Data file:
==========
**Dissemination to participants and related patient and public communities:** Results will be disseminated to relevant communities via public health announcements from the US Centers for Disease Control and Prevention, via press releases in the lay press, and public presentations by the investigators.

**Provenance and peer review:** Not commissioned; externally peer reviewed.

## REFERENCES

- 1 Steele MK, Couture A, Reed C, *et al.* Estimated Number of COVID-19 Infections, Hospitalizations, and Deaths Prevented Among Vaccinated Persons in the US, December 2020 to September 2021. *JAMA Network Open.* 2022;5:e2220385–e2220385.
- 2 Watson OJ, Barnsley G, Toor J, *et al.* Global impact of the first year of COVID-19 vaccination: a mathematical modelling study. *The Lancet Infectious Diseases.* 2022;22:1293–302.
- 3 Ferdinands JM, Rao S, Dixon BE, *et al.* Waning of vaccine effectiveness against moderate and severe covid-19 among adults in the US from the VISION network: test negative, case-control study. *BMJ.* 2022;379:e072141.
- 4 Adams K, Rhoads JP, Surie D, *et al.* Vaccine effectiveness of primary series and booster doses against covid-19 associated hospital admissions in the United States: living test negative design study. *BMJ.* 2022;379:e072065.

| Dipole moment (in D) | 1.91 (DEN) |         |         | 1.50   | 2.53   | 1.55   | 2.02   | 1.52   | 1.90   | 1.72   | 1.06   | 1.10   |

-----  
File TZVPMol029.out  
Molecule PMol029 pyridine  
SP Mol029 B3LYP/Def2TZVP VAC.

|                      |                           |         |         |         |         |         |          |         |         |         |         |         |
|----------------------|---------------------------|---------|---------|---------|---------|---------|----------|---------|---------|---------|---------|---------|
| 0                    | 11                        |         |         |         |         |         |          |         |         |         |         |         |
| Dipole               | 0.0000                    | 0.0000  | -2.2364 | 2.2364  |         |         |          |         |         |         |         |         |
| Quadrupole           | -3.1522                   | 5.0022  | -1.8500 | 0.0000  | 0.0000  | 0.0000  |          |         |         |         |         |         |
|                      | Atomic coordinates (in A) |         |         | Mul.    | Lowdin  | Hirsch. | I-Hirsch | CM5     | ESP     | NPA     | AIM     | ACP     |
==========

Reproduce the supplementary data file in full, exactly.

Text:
**Dissemination to participants and related patient and public communities:** Results will be disseminated to relevant communities via public health announcements from the US Centers for Disease Control and Prevention, via press releases in the lay press, and public presentations by the investigators.

**Provenance and peer review:** Not commissioned; externally peer reviewed.

## REFERENCES

- 1 Steele MK, Couture A, Reed C, *et al.* Estimated Number of COVID-19 Infections, Hospitalizations, and Deaths Prevented Among Vaccinated Persons in the US, December 2020 to September 2021. *JAMA Network Open.* 2022;5:e2220385–e2220385.
- 2 Watson OJ, Barnsley G, Toor J, *et al.* Global impact of the first year of COVID-19 vaccination: a mathematical modelling study. *The Lancet Infectious Diseases.* 2022;22:1293–302.
- 3 Ferdinands JM, Rao S, Dixon BE, *et al.* Waning of vaccine effectiveness against moderate and severe covid-19 among adults in the US from the VISION network: test negative, case-control study. *BMJ.* 2022;379:e072141.
- 4 Adams K, Rhoads JP, Surie D, *et al.* Vaccine effectiveness of primary series and booster doses against covid-19 associated hospital admissions in the United States: living test negative design study. *BMJ.* 2022;379:e072065.

| Dipole moment (in D) | 1.91 (DEN) |         |         | 1.50   | 2.53   | 1.55   | 2.02   | 1.52   | 1.90   | 1.72   | 1.06   | 1.10   |

-----  
File TZVPMol029.out  
Molecule PMol029 pyridine  
SP Mol029 B3LYP/Def2TZVP VAC.

|                      |                           |         |         |         |         |         |          |         |         |         |         |         |
|----------------------|---------------------------|---------|---------|---------|---------|---------|----------|---------|---------|---------|---------|---------|
| 0                    | 11                        |         |         |         |         |         |          |         |         |         |         |         |
| Dipole               | 0.0000                    | 0.0000  | -2.2364 | 2.2364  |         |         |          |         |         |         |         |         |
| Quadrupole           | -3.1522                   | 5.0022  | -1.8500 | 0.0000  | 0.0000  | 0.0000  |          |         |         |         |         |         |
|                      | Atomic coordinates (in A) |         |         | Mul.    | Lowdin  | Hirsch. | I-Hirsch | CM5     | ESP     | NPA     | AIM     | ACP     |